Kids on Fire: Books To Help Families Affected By Asperger’s Or Other Autism Spectrum Disorders


Many of you may have noticed the great deal on John Elder Robison’s memoir, Look Me In The Eye: My Life With Asperger’s being promoted on our BookGorilla and Kindle Nation Daily sister sites last week at the amazing price of $1.99 (that’s an 87% price cut), but you may not have noticed that Robison’s other two books about Asperger’s are also currently on sale for $1.99 each in Kindle format. These other two books include helpful insights and advice for people who are living with Asperger’s or living with affected family members or friends.

Prices are subject to change at any time, so be sure to grab these quick!

Be Different: Adventures of a Free-Range Aspergian with Practical Advice for Aspergians, Misfits, Families & Teachers (4.5/5 stars, currently priced at $1.99)

“I believe those of us with Asperger’s are here for a reason, and we have much to offer. This book will help you bring out those gifts.”

In his bestselling memoir, Look Me in the Eye, John Elder Robison described growing up with Asperger’s syndrome at a time when the diagnosis didn’t exist. He was intelligent but socially isolated; his talents won him jobs with toy makers and rock bands but did little to endear him to authority figures and classmates, who were put off by his inclination to blurt out non sequiturs and avoid eye contact.

By the time he was diagnosed at age forty, John had already developed a myriad of coping strategies that helped him achieve a seemingly normal, even highly successful, life. In Be Different, Robison shares a new batch of endearing stories
about his childhood, adolescence, and young adult years, giving the reader a rare window into the Aspergian mind.

In each story, he offers practical advice—for Aspergians and indeed for anyone who feels “different”—on how to improve the weak communication and social skills that keep so many people from taking full advantage of their often remarkable gifts. With his trademark honesty and unapologetic eccentricity, Robison addresses questions like:

• How to read others and follow their behaviors when in uncertain social situations
• Why manners matter
• How to harness your powers of concentration to master difficult skills
• How to deal with bullies
• When to make an effort to fit in, and when to embrace eccentricity
• How to identify special gifts and use them to your advantage

Every person, Aspergian or not, has something unique to offer the world, and every person has the capacity to create strong, loving bonds with their friends and family. Be Different will help readers and those they love find their path to success.

 

Raising Cubby: A Father and Son’s Adventures with Asperger’s, Trains, Tractors, and High Explosives (4.5/5 stars, currently priced at $1.99)

The slyly funny, sweetly moving memoir of an unconventional dad’s relationship with his equally offbeat son—complete with fast cars, tall tales, homemade explosives, and a whole lot of fun and trouble

John Robison was not your typical dad. Diagnosed with Asperger’s syndrome at the age of forty, he approached fatherhood as a series of logic puzzles and practical jokes. Instead of a speech about the birds and the bees, he told his son, Cubby, that he’d bought him at the Kid Store—and that the salesman had cheated him by promising Cubby would “do all chores.” While other parents played catch with their kids, John taught Cubby to drive the family’s antique Rolls-Royce. Still, Cubby seemed to be turning out pretty well, at least until school authorities decided that he was dumb and stubborn—the very same thing John had been told as a child. Did Cubby have Asperger’s too? The answer was unclear.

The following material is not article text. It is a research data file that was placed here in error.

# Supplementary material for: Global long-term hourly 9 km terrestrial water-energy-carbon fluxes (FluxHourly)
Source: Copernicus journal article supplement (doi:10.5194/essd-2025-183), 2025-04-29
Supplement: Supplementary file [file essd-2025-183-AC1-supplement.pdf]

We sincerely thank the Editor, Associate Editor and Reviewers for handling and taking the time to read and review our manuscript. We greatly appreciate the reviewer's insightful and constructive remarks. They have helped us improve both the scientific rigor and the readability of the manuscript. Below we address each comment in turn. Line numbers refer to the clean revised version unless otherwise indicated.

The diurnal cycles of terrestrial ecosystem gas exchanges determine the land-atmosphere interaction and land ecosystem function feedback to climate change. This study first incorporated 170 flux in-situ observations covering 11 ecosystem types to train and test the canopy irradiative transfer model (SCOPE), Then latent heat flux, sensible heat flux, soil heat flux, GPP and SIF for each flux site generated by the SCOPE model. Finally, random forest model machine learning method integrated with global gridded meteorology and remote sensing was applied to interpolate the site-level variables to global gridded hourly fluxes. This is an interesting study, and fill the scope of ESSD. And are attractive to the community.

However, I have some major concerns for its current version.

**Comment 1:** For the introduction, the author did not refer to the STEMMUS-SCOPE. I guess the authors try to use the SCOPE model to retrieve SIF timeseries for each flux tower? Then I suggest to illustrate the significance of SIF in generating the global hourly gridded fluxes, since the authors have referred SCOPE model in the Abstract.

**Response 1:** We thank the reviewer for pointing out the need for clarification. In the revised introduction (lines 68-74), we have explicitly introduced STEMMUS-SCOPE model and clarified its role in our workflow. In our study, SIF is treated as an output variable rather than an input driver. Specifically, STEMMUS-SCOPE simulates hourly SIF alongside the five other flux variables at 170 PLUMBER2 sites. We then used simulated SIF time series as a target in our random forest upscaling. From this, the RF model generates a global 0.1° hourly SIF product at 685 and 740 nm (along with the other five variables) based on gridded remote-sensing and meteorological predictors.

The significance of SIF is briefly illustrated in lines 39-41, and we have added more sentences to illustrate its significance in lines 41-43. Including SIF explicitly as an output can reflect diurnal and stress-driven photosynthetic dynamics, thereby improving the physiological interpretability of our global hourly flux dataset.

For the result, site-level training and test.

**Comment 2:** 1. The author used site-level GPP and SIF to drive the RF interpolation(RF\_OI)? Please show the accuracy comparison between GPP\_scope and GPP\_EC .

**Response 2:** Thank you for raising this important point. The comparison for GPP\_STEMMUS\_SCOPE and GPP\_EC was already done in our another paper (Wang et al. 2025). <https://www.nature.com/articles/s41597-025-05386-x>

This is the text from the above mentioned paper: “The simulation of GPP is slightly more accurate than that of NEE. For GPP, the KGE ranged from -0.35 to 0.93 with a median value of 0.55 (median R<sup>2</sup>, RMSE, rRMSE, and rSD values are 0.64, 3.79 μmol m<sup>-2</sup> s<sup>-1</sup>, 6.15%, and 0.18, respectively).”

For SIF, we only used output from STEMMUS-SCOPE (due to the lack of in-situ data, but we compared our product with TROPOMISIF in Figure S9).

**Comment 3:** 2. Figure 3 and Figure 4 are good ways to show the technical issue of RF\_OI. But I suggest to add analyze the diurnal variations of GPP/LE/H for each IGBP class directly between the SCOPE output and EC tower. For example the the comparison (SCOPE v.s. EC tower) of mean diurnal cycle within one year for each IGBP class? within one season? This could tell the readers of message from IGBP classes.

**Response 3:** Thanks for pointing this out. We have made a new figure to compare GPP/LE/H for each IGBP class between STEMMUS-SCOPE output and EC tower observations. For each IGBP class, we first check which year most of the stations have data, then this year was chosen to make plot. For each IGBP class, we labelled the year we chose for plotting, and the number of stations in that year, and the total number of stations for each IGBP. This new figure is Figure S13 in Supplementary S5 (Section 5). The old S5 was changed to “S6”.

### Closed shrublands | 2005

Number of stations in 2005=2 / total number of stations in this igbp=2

One thing was clear, though: By the time he turned seventeen, Cubby had become a brilliant and curious chemist—smart enough to make military-grade explosives and bring federal agents calling. With Cubby facing a felony trial—and up to sixty years in prison—both father and son were forced to take stock of their lives, finally accepting that being “on the spectrum” is both a challenge and a unique gift.

 

Look Me in the Eye: My Life with Asperger’s (4.5/5 stars, currently priced at $1.99)

Ever since he was young, John Robison longed to connect with other people, but by the time he was a teenager, his odd habits—an inclination to blurt out non sequiturs, avoid eye contact, dismantle radios, and dig five-foot holes (and stick his younger brother, Augusten Burroughs, in them)—had earned him the label “social deviant.” It was not until he was forty that he was diagnosed with a form of autism called Asperger’s syndrome. That understanding transformed the way he saw himself—and the world. A born storyteller, Robison has written a moving, darkly funny memoir about a life that has taken him from developing exploding guitars for KISS to building a family of his own. It’s a strange, sly, indelible account—sometimes alien yet always deeply human.

NEW YORK TIMES BESTSELLER

“As sweet and funny and sad and true and heartfelt a memoir as one could find.”
—from the foreword by Augusten Burroughs

 

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